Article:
Comics

Why a Libertarian Might Not Be Thrilled with the Resolution of the Joker/Batgirl Cover Controversy

Trying to make expression disappear because you disapprove of it is unhealthy for liberal culture, whether done by the state or privately.

|

Why might it not be a victory for free market, free culture that aggrieved people (who may or may not be the company's actual audience) are able to pressure a company into changing plans for its cultural product/art, as in the recent Batgirl "Joker variant" cover controversy, which ended with a planned cover cancelled?

Between Peter Suderman and Nick Gillespie's writing on it here, I think you have most of the background necessary to understand what happened, and why, and why the principles behind the story might be interesting beyond the specifics of the grievance.

This discussion will try to avoid the specifics of why people wanted to make the expression in question disappear—a comic book cover that showed the Joker menacing a weeping Batgirl (a fictional villain who has done terrible things to that fictional hero in a famous past story called Killing Joke, definitely including crippling her and by implication including raping her). Details both behind the scenes and in front might exist that those who actually care a lot about what is on the cover of a Batgirl comic book might have followed more closely than I have. (I am a fanatical lifelong fan and friend of comics, including superhero ones, but just don't happen to be reading or following that title.) 

Nothing foundationally and inherently libertarian is implicated in this story. The cover cancellation was, in its way, a market transaction. No state ordered anyone to do anything; no one threatened D.C. with anything other than something they have the perfect right to do, which is to not buy something or to denounce that thing and the company that distributed it. I understand that some people on the "keep the cover" side did more and worse than that, and threatened actual physical violence against their ideological foes in the debate. That is neither libertarian nor decent, though I question that the very violent fervor with which some assholes on the Internet stood up for the cover adds any extra legitimacy to D.C.'s decision to quash it.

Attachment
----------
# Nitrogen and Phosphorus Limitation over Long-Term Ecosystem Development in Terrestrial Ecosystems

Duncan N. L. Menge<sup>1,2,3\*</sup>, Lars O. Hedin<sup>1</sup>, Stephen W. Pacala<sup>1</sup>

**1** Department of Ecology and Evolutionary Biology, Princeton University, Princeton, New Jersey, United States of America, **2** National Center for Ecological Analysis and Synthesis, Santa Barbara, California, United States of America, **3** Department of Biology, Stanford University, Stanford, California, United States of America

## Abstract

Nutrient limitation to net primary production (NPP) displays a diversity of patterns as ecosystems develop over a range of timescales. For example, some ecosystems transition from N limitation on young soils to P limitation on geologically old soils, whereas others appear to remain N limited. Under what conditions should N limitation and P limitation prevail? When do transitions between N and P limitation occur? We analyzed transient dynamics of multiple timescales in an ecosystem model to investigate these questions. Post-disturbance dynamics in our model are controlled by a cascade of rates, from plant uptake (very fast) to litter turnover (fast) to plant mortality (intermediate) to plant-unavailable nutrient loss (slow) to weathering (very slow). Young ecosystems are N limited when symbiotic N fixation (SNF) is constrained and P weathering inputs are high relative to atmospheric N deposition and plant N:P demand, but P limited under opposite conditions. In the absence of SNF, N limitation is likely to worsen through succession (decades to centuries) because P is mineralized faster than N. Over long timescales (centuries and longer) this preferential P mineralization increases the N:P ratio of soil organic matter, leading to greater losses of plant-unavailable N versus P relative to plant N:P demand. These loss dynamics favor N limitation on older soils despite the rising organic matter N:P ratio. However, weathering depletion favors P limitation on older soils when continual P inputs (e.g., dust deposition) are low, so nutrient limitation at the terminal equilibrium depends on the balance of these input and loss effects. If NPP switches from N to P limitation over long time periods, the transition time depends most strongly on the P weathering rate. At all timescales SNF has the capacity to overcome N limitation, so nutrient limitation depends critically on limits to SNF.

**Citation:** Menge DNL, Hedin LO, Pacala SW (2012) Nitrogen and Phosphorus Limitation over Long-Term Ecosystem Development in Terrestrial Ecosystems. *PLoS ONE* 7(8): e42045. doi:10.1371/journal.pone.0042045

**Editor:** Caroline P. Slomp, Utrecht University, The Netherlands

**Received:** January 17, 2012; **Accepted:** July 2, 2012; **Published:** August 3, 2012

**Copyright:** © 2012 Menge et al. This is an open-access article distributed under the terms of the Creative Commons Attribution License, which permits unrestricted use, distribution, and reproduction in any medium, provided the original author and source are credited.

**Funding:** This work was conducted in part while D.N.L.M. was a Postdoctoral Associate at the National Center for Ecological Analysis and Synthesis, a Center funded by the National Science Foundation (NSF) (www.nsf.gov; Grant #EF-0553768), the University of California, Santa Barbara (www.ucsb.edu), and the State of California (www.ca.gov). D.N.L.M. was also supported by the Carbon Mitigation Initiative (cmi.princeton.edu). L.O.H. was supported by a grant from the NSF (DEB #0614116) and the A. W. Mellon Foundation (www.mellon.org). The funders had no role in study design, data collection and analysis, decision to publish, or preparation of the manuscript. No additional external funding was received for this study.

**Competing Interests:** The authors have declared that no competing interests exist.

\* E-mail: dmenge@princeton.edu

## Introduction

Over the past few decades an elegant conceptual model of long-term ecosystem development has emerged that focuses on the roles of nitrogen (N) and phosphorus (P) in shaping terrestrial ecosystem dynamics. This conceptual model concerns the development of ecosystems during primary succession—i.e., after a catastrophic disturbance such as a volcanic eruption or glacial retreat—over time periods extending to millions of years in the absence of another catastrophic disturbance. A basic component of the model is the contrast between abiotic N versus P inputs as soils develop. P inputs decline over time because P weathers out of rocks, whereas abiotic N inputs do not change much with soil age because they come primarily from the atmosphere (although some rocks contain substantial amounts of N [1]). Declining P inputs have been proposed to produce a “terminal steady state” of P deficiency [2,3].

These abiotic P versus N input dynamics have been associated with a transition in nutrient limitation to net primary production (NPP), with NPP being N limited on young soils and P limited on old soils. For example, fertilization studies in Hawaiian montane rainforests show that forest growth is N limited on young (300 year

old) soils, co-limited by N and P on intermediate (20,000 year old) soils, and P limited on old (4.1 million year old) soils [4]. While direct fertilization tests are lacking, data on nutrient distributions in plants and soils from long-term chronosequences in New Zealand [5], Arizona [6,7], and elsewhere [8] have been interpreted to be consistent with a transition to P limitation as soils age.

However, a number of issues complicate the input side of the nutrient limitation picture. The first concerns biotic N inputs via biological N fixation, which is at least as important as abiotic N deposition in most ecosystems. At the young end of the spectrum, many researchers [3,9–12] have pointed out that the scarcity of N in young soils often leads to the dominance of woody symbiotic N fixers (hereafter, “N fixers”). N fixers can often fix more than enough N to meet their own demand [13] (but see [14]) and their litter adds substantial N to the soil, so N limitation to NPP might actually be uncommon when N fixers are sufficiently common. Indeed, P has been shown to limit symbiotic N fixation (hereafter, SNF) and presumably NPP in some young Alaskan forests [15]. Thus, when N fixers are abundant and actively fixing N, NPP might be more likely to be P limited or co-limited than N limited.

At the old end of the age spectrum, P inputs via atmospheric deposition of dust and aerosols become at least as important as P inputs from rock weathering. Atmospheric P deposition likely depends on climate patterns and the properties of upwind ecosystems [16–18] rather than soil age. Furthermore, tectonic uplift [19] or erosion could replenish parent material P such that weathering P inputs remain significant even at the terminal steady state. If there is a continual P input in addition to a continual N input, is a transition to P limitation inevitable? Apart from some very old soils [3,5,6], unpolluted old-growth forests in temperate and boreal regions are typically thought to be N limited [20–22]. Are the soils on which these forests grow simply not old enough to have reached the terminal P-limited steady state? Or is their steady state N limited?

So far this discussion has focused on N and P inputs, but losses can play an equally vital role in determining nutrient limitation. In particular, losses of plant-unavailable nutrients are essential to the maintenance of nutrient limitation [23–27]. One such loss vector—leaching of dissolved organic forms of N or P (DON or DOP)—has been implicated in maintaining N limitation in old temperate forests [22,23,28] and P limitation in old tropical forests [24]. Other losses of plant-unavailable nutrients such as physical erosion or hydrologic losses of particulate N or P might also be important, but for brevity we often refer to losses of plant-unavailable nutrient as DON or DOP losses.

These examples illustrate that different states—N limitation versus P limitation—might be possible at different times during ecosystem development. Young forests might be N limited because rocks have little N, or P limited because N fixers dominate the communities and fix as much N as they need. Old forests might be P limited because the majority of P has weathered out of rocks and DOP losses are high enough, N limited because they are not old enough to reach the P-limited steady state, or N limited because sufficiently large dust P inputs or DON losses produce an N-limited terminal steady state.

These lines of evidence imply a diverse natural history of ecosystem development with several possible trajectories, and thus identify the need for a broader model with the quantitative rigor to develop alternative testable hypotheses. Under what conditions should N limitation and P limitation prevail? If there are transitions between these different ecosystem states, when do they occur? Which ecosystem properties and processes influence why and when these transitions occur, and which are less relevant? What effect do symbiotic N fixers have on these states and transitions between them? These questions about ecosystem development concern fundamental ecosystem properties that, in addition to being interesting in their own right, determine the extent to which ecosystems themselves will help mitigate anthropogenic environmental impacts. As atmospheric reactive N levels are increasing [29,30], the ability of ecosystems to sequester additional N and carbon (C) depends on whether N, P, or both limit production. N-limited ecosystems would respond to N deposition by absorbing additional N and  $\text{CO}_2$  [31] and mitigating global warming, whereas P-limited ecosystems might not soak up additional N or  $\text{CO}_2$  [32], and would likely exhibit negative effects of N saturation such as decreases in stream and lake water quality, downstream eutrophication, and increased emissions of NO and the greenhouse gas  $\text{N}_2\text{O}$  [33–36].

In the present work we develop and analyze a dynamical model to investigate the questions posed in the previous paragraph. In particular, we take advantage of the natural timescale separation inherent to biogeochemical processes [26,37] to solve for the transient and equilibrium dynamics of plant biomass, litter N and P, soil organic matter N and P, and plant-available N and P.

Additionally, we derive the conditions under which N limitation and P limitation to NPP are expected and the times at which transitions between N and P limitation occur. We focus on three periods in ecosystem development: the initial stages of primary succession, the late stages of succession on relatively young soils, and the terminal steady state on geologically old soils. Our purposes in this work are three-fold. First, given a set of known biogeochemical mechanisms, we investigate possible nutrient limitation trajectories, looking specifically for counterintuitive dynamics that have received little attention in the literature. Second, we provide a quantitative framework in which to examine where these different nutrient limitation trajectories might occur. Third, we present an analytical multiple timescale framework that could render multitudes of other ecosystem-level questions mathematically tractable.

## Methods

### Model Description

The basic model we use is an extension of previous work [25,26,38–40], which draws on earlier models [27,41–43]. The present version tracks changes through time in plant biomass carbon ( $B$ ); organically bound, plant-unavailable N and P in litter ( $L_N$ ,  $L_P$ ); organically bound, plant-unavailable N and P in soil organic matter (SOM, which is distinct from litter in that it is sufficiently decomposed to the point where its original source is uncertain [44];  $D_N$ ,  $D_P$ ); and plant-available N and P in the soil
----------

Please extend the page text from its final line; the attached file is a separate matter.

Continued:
Grant everything there is to grant: it is anyone's right to denounce; it was D.C.s right to react to it any way they wanted; that artist Rafael Albuquerque stated that he wanted to kill it; that the creative team on the actual comic wanted to kill it; that it doesn't tonally fit with the current comic. It may even be great for the world and the future of humanity that this particular cover never appears physically on paper, stapled around a few dozen comic book pages, but merely will appear all over the Internet in profusion forever. 

Granting all that, what larger meaning is there to this story, if any, such that a non-Batgirl reader might care?

One can see the controversy as either a merely interesting or even laudatory example of how in modernity concerned audiences for artwork or products (or, as I and others suspect but can't prove, aggreived folk on the Internet who weren't a big part of the potential audience) can communicate with artists and publishers, turning formerly one-way hierarchical relationships into more fluid and horizontal ones, allowing more people to get more of what they want and proving the power of the audience and the growing and responsiveness of Big Culture to consumer demand, just a sign that we are living in an age where consumer agency is growing in fascinating new ways..